We concede that Sarno is a genius and true innovator, but that his clinical experience with spondylolisthesis might be limited, if he has never seen a pathological case profile. We have seen many, where physical functionality and life itself were directly threatened by ultra-severe vertebral slippage that compromised the entire integrity of the backbone, often compressing spinal nerves and the spinal cord in the process. If Sarno had dealt with any patients with this type of profile, his tone might be slightly different in the chapter on the traditional back pain diagnoses in Healing Back Pain, at least when it comes to listhesis. However, in all fairness, patients who sought out Sarno are not those with such obvious structural defects. They are people who had suspect cases of structural causation and often already had doubts that their anatomical woes were not the reason for their pain.
Dr. Sarno and Spondylolisthesis Treatment
We see many patients in clinical settings who are suffering from tension myositis syndrome, as Sarno would call it. We prefer not to use the term, as it is ridiculously limiting and incorrect in its implied mechanism based on nomenclature. Let’s say instead that these people are definitively suffering from mindbody pain syndromes, as the title is more inclusive of the many possible mechanisms of action and causative conditions. Virtually all of these patients are mismanaged medically and have no inclination that their pain is not structurally-motivated. Worse still, most are not only non-receptive to the idea, but are indeed openly hostile to the suggestion. This proves that the stigma of psychosomatic health issues is still alive and that the universal nature of mindbody health issues remains completely misunderstood by the public at large.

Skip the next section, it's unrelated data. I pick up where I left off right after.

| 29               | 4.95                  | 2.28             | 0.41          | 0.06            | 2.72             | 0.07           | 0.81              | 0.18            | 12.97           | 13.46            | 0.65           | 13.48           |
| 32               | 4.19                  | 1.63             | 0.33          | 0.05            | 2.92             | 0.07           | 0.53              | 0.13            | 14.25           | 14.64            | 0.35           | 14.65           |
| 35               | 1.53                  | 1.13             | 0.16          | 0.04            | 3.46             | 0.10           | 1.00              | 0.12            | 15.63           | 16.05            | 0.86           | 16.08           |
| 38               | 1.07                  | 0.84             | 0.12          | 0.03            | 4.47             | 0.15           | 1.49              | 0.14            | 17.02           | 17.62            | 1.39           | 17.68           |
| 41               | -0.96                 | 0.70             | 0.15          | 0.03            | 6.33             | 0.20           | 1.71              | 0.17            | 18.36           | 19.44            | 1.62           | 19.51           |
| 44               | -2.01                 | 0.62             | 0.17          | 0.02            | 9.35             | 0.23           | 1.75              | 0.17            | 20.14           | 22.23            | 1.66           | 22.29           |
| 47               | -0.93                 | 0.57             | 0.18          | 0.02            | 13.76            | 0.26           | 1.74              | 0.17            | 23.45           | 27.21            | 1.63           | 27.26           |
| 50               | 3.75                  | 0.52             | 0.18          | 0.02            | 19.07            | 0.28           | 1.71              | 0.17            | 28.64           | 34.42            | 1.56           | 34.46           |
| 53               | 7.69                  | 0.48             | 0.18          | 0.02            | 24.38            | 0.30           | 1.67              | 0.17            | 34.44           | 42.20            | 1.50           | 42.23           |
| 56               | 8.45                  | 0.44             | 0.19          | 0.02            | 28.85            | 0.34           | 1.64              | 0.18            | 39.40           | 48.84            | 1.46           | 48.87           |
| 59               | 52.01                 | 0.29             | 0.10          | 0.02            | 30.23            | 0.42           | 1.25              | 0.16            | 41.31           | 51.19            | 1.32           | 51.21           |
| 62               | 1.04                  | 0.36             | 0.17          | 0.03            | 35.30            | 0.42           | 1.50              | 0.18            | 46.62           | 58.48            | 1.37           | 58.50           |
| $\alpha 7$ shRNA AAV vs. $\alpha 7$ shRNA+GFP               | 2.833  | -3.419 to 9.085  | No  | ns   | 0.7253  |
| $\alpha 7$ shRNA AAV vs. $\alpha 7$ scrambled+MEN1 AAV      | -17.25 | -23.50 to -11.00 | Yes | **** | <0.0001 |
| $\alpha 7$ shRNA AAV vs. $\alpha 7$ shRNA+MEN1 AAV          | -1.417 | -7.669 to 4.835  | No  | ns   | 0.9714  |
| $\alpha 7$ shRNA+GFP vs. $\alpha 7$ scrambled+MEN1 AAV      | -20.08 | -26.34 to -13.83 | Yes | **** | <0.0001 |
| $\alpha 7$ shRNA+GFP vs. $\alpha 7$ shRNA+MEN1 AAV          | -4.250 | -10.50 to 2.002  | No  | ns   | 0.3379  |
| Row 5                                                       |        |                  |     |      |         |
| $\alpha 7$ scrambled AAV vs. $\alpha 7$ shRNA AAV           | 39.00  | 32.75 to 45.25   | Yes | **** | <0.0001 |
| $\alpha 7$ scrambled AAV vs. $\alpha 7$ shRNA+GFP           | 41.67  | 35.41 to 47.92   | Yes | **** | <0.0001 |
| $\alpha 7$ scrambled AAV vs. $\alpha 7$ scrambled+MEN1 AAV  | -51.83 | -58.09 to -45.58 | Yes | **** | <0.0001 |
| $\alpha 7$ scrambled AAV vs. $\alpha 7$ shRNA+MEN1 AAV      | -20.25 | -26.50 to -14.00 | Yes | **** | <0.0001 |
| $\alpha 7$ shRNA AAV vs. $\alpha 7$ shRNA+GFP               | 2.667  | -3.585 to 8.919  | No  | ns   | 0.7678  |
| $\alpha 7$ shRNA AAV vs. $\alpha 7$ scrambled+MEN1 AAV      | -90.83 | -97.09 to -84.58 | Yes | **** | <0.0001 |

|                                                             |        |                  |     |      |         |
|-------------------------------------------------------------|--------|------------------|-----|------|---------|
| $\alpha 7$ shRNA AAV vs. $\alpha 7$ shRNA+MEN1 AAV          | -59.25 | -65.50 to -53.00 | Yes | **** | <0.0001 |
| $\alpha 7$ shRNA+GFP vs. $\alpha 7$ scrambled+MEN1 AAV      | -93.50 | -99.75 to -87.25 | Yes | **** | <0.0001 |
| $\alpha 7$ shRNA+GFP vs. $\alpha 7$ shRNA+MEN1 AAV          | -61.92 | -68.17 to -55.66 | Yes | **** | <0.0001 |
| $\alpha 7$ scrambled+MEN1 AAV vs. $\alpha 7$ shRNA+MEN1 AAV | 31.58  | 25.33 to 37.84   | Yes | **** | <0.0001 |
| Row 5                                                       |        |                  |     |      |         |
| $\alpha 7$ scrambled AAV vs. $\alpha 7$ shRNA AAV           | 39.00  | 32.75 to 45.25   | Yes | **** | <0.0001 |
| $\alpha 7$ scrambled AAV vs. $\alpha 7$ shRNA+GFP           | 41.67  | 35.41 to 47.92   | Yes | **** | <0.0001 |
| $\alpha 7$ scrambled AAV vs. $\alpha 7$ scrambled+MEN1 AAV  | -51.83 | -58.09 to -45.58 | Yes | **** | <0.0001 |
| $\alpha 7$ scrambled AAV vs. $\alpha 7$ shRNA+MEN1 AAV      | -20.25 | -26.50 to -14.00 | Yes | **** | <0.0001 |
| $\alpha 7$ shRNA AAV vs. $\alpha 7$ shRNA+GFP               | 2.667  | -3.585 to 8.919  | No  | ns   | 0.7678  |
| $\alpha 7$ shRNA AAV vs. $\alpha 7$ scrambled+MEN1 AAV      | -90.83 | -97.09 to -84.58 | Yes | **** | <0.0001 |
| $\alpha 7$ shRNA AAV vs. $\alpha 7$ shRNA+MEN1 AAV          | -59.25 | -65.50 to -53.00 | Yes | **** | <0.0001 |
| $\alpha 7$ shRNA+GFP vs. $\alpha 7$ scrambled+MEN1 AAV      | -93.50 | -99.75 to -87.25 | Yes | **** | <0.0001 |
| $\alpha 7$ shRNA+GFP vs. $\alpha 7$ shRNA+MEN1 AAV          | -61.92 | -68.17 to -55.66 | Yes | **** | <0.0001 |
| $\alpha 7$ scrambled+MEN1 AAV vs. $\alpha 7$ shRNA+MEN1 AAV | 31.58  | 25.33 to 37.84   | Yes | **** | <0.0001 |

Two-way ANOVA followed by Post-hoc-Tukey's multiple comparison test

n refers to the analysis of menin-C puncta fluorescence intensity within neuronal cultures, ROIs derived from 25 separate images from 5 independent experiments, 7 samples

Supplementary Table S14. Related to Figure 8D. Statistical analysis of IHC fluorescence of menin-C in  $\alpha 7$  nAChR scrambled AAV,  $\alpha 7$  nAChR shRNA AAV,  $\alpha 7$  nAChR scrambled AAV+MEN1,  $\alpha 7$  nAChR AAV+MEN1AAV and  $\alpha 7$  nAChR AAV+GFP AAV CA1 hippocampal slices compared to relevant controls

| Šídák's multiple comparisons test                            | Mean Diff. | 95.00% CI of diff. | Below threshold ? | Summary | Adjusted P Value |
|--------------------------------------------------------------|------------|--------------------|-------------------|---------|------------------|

For patients who can find their way towards information that explains the concept of mindbody disorders, there is always hope. Sarno reported truly remarkable cure rates using his own knowledge therapy program, while we can mirror this efficacy given our extensive experience with various forms of knowledge therapy and coaching practices that fall outside of the physical listhesis treatment tradition.
For patients who are interested in understanding more about how the mind and body work hand in hand to create all states of pain, pleasure, health, illness and injury, we highly recommend undertaking knowledge therapy treatment. For more information on the topic as a whole, please search this website to find the many literary offerings regarding tension myositis syndrome, Dr John Sarno, mindbody pain and knowledge therapy. The Cure Back Pain Network remains the premier source of all data on this important topic and eclipses the database of even the most active doctors who work in the mindbody sector of medicine. Additionally, all of our information is completely free, so there is no risk at all to immerse yourself in the subject and learn all you can. It might just lead to the cure you are been pursuing for years.